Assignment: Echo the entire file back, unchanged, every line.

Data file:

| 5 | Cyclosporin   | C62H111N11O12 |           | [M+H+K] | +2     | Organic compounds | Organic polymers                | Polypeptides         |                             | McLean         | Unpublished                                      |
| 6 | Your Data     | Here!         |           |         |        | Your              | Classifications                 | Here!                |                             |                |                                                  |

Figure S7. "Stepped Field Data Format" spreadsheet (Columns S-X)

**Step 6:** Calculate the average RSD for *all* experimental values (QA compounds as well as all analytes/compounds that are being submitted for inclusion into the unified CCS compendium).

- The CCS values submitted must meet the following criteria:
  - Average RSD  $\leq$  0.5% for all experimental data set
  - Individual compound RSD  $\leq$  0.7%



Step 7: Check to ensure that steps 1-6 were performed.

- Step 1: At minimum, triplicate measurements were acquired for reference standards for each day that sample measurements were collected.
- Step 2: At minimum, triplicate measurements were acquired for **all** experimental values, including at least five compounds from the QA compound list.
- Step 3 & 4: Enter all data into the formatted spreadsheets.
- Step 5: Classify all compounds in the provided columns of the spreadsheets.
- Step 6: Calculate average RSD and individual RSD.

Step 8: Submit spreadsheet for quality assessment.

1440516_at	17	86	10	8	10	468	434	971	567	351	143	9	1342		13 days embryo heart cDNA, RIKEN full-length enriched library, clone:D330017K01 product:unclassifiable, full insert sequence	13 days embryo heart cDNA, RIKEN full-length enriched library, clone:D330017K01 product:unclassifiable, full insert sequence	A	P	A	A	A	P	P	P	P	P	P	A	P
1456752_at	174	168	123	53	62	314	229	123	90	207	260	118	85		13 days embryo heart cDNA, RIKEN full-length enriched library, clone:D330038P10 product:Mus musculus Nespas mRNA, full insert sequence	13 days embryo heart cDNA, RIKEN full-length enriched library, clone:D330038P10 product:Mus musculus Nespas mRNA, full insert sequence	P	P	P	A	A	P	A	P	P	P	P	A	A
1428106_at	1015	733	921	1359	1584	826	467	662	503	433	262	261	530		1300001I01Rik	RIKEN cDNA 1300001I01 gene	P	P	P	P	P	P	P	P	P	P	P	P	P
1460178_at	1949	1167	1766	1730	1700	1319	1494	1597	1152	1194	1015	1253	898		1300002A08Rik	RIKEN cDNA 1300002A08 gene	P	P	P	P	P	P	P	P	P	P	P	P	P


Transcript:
| 5 | Cyclosporin   | C62H111N11O12 |           | [M+H+K] | +2     | Organic compounds | Organic polymers                | Polypeptides         |                             | McLean         | Unpublished                                      |
| 6 | Your Data     | Here!         |           |         |        | Your              | Classifications                 | Here!                |                             |                |                                                  |

Figure S7. "Stepped Field Data Format" spreadsheet (Columns S-X)

**Step 6:** Calculate the average RSD for *all* experimental values (QA compounds as well as all analytes/compounds that are being submitted for inclusion into the unified CCS compendium).

- The CCS values submitted must meet the following criteria:
  - Average RSD  $\leq$  0.5% for all experimental data set
  - Individual compound RSD  $\leq$  0.7%



Step 7: Check to ensure that steps 1-6 were performed.

- Step 1: At minimum, triplicate measurements were acquired for reference standards for each day that sample measurements were collected.
- Step 2: At minimum, triplicate measurements were acquired for **all** experimental values, including at least five compounds from the QA compound list.
- Step 3 & 4: Enter all data into the formatted spreadsheets.
- Step 5: Classify all compounds in the provided columns of the spreadsheets.
- Step 6: Calculate average RSD and individual RSD.

Step 8: Submit spreadsheet for quality assessment.

1440516_at	17	86	10	8	10	468	434	971	567	351	143	9	1342		13 days embryo heart cDNA, RIKEN full-length enriched library, clone:D330017K01 product:unclassifiable, full insert sequence	13 days embryo heart cDNA, RIKEN full-length enriched library, clone:D330017K01 product:unclassifiable, full insert sequence	A	P	A	A	A	P	P	P	P	P	P	A	P
1456752_at	174	168	123	53	62	314	229	123	90	207	260	118	85		13 days embryo heart cDNA, RIKEN full-length enriched library, clone:D330038P10 product:Mus musculus Nespas mRNA, full insert sequence	13 days embryo heart cDNA, RIKEN full-length enriched library, clone:D330038P10 product:Mus musculus Nespas mRNA, full insert sequence	P	P	P	A	A	P	A	P	P	P	P	A	A
1428106_at	1015	733	921	1359	1584	826	467	662	503	433	262	261	530		1300001I01Rik	RIKEN cDNA 1300001I01 gene	P	P	P	P	P	P	P	P	P	P	P	P	P
1460178_at	1949	1167	1766	1730	1700	1319	1494	1597	1152	1194	1015	1253	898		1300002A08Rik	RIKEN cDNA 1300002A08 gene	P	P	P	P	P	P	P	P	P	P	P	P	P